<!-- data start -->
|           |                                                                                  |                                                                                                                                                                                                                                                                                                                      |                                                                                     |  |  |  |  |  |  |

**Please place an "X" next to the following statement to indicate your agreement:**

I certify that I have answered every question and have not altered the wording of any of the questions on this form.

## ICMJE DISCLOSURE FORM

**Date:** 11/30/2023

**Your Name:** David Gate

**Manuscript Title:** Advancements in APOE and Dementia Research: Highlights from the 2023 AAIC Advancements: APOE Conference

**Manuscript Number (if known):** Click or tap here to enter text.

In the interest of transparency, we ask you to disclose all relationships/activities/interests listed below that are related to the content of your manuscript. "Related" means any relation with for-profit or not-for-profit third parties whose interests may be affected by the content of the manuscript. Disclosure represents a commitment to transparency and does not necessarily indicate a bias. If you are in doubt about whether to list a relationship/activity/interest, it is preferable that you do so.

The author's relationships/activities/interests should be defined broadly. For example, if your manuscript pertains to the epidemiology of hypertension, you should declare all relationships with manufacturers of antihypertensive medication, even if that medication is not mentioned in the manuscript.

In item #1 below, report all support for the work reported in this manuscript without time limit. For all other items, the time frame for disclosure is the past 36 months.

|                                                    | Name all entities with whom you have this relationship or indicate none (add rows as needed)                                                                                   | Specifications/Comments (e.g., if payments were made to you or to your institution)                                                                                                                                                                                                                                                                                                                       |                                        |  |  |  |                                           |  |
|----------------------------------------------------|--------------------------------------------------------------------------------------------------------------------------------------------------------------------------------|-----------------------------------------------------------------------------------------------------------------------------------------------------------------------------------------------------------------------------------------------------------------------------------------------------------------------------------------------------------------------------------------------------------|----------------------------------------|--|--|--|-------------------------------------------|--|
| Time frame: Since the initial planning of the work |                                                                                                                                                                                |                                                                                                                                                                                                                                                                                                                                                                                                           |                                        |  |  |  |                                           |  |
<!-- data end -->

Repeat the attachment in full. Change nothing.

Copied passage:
|           |                                                                                  |                                                                                                                                                                                                                                                                                                                      |                                                                                     |  |  |  |  |  |  |

**Please place an "X" next to the following statement to indicate your agreement:**

I certify that I have answered every question and have not altered the wording of any of the questions on this form.

## ICMJE DISCLOSURE FORM

**Date:** 11/30/2023

**Your Name:** David Gate

**Manuscript Title:** Advancements in APOE and Dementia Research: Highlights from the 2023 AAIC Advancements: APOE Conference

**Manuscript Number (if known):** Click or tap here to enter text.

In the interest of transparency, we ask you to disclose all relationships/activities/interests listed below that are related to the content of your manuscript. "Related" means any relation with for-profit or not-for-profit third parties whose interests may be affected by the content of the manuscript. Disclosure represents a commitment to transparency and does not necessarily indicate a bias. If you are in doubt about whether to list a relationship/activity/interest, it is preferable that you do so.

The author's relationships/activities/interests should be defined broadly. For example, if your manuscript pertains to the epidemiology of hypertension, you should declare all relationships with manufacturers of antihypertensive medication, even if that medication is not mentioned in the manuscript.

In item #1 below, report all support for the work reported in this manuscript without time limit. For all other items, the time frame for disclosure is the past 36 months.

|                                                    | Name all entities with whom you have this relationship or indicate none (add rows as needed)                                                                                   | Specifications/Comments (e.g., if payments were made to you or to your institution)                                                                                                                                                                                                                                                                                                                       |                                        |  |  |  |                                           |  |
|----------------------------------------------------|--------------------------------------------------------------------------------------------------------------------------------------------------------------------------------|-----------------------------------------------------------------------------------------------------------------------------------------------------------------------------------------------------------------------------------------------------------------------------------------------------------------------------------------------------------------------------------------------------------|----------------------------------------|--|--|--|-------------------------------------------|--|
| Time frame: Since the initial planning of the work |                                                                                                                                                                                |                                                                                                                                                                                                                                                                                                                                                                                                           |                                        |  |  |  |                                           |  |